In summary, here we used resting-state functional magnetic resonance imaging in a well controlled in-laboratory sleep deprivation protocol and demonstrated both the impairing effects of one night of acute total sleep deprivation and the restoring effects of two consecutive nights of recovery sleep on hippocampal connectivity and episodic memory performance. We found that sleep deprivation significantly impaired hippocampal connectivity to multiple prefrontal and default mode network regions, reduced episodic memory performance, and disrupted the associations between them. Although hippocampal connectivity was fully restored to baseline levels after two nights of recovery sleep, episodic memory performance and its associations with hippocampal connectivity did not return to baseline. These findings support the critical role of sleep in maintaining the integrity of hippocampal circuits and suggest that people may need more than two nights of recovery sleep to fully restore both memory performance and their associations with brain function after one night of total sleep loss. Optimization of sleep time may represent a potential effective intervention for the deleterious effects of sleep loss on memory and hippocampal function, with therapeutic opportunities for aging and AD.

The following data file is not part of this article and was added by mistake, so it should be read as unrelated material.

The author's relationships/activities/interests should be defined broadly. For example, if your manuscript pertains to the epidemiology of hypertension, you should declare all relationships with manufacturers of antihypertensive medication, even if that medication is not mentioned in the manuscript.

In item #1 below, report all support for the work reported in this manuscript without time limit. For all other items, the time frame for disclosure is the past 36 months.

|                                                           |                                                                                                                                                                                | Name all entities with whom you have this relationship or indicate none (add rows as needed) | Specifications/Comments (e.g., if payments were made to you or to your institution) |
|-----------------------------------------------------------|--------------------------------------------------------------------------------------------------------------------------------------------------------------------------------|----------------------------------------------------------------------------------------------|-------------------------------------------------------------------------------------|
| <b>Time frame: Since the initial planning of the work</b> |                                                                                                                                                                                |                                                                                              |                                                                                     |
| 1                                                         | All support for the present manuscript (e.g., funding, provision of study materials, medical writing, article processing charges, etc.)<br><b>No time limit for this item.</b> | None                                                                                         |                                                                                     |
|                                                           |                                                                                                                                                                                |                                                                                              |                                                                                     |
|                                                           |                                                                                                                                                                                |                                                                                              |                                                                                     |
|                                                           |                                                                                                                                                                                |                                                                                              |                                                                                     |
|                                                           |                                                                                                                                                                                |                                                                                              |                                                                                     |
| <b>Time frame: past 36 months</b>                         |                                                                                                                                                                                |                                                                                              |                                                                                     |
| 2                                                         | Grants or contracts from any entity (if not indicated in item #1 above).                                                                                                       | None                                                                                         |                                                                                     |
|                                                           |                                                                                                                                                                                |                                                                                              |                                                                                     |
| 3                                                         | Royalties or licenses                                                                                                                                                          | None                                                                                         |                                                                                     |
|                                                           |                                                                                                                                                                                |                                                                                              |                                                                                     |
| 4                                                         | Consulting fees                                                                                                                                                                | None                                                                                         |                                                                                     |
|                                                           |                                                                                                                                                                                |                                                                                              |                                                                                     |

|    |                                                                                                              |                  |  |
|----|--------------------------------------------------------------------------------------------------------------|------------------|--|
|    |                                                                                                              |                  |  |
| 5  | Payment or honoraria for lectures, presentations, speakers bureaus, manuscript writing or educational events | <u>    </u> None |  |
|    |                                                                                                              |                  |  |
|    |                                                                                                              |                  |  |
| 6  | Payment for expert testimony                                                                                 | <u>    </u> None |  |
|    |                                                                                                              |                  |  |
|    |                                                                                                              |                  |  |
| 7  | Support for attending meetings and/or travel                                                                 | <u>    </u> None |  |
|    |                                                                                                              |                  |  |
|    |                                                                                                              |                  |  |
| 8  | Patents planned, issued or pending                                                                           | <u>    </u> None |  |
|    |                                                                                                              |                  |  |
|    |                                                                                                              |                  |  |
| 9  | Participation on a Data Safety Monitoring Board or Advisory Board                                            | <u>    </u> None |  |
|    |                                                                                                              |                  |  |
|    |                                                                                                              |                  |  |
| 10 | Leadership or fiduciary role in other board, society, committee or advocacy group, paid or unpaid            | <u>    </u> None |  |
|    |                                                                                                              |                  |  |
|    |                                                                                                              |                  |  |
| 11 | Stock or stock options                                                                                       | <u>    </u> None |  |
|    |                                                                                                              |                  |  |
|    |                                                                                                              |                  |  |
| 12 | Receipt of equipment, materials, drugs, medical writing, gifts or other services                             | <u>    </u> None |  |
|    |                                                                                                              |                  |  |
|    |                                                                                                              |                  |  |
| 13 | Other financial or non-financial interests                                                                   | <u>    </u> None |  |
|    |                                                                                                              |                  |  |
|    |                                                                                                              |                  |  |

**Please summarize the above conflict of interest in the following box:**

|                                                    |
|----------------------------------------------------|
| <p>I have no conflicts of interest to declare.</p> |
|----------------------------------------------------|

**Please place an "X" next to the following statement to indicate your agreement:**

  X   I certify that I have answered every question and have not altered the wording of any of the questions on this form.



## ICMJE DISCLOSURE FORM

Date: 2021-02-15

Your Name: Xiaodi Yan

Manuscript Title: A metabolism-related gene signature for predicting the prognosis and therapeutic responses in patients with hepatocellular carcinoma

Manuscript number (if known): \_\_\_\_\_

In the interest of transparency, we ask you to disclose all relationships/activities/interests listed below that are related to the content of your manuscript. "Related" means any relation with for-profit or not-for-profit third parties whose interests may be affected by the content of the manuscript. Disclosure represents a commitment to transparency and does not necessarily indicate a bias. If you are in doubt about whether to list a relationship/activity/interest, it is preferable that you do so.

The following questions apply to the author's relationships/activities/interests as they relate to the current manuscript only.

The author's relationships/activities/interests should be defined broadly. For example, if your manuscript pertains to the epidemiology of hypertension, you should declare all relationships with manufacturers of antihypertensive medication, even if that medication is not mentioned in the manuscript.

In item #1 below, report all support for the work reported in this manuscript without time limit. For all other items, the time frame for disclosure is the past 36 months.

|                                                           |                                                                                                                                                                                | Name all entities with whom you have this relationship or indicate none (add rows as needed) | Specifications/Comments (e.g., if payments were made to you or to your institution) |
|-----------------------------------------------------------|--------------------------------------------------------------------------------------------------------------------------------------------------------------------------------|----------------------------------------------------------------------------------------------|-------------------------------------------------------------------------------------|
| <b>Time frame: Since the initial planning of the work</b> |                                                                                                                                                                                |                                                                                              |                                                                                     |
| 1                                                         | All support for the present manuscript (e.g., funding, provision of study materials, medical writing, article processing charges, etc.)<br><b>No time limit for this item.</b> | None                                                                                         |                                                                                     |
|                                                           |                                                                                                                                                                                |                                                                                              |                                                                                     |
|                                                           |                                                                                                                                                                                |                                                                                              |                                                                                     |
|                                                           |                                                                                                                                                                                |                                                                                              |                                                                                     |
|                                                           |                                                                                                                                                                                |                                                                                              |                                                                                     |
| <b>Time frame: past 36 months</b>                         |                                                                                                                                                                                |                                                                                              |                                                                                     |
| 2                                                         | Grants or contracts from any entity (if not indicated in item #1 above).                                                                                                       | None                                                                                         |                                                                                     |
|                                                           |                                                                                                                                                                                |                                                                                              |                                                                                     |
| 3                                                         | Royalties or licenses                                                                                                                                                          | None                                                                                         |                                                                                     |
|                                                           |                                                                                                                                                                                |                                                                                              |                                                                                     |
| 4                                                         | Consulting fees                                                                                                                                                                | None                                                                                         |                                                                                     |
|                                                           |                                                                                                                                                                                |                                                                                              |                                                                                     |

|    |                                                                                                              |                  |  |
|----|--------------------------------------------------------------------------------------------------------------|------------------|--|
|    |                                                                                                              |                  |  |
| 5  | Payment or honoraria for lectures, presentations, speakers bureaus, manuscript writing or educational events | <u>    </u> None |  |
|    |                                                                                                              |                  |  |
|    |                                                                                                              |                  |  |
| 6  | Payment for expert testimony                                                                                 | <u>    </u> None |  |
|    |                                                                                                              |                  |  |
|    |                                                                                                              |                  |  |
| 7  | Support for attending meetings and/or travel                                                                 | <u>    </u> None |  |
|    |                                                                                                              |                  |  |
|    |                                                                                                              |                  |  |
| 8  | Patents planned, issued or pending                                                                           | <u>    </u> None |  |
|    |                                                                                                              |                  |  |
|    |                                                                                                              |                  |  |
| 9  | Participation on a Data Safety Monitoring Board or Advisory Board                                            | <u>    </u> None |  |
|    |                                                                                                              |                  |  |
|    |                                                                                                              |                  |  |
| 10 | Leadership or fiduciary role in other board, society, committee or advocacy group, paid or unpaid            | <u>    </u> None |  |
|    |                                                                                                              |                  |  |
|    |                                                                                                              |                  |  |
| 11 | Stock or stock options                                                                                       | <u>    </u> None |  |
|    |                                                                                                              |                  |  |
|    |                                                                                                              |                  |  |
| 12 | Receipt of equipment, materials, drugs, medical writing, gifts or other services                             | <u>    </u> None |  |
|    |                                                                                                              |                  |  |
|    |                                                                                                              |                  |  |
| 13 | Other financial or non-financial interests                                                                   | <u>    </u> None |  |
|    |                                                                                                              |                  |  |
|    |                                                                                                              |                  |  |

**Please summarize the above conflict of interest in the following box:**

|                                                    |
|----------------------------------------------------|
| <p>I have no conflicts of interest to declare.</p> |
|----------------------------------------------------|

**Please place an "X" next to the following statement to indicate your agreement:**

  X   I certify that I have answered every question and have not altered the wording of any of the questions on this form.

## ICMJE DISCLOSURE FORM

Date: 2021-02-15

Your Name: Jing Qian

Methods

Participants